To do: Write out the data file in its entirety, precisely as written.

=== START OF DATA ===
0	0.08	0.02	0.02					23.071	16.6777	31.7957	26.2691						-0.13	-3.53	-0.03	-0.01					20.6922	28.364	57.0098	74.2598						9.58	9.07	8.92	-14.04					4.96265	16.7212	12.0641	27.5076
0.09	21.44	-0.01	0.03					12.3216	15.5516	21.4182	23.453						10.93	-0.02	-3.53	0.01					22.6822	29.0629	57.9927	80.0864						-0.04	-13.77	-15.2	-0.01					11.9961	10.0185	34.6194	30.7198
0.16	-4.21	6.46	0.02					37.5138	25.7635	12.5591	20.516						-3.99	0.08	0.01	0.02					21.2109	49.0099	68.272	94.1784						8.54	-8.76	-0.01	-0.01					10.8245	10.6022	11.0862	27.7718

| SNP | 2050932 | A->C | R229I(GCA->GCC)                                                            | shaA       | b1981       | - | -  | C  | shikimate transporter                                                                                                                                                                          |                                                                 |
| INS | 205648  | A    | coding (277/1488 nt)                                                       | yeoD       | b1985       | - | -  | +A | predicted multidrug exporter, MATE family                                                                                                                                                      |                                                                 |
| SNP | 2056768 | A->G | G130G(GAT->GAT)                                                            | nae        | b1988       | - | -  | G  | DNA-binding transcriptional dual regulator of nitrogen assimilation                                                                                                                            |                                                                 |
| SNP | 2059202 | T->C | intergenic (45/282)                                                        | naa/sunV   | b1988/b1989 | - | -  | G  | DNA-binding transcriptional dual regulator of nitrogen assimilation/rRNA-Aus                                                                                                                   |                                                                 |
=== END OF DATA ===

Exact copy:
0	0.08	0.02	0.02					23.071	16.6777	31.7957	26.2691						-0.13	-3.53	-0.03	-0.01					20.6922	28.364	57.0098	74.2598						9.58	9.07	8.92	-14.04					4.96265	16.7212	12.0641	27.5076
0.09	21.44	-0.01	0.03					12.3216	15.5516	21.4182	23.453						10.93	-0.02	-3.53	0.01					22.6822	29.0629	57.9927	80.0864						-0.04	-13.77	-15.2	-0.01					11.9961	10.0185	34.6194	30.7198
0.16	-4.21	6.46	0.02					37.5138	25.7635	12.5591	20.516						-3.99	0.08	0.01	0.02					21.2109	49.0099	68.272	94.1784						8.54	-8.76	-0.01	-0.01					10.8245	10.6022	11.0862	27.7718

| SNP | 2050932 | A->C | R229I(GCA->GCC)                                                            | shaA       | b1981       | - | -  | C  | shikimate transporter                                                                                                                                                                          |                                                                 |
| INS | 205648  | A    | coding (277/1488 nt)                                                       | yeoD       | b1985       | - | -  | +A | predicted multidrug exporter, MATE family                                                                                                                                                      |                                                                 |
| SNP | 2056768 | A->G | G130G(GAT->GAT)                                                            | nae        | b1988       | - | -  | G  | DNA-binding transcriptional dual regulator of nitrogen assimilation                                                                                                                            |                                                                 |
| SNP | 2059202 | T->C | intergenic (45/282)                                                        | naa/sunV   | b1988/b1989 | - | -  | G  | DNA-binding transcriptional dual regulator of nitrogen assimilation/rRNA-Aus                                                                                                                   |                                                                 |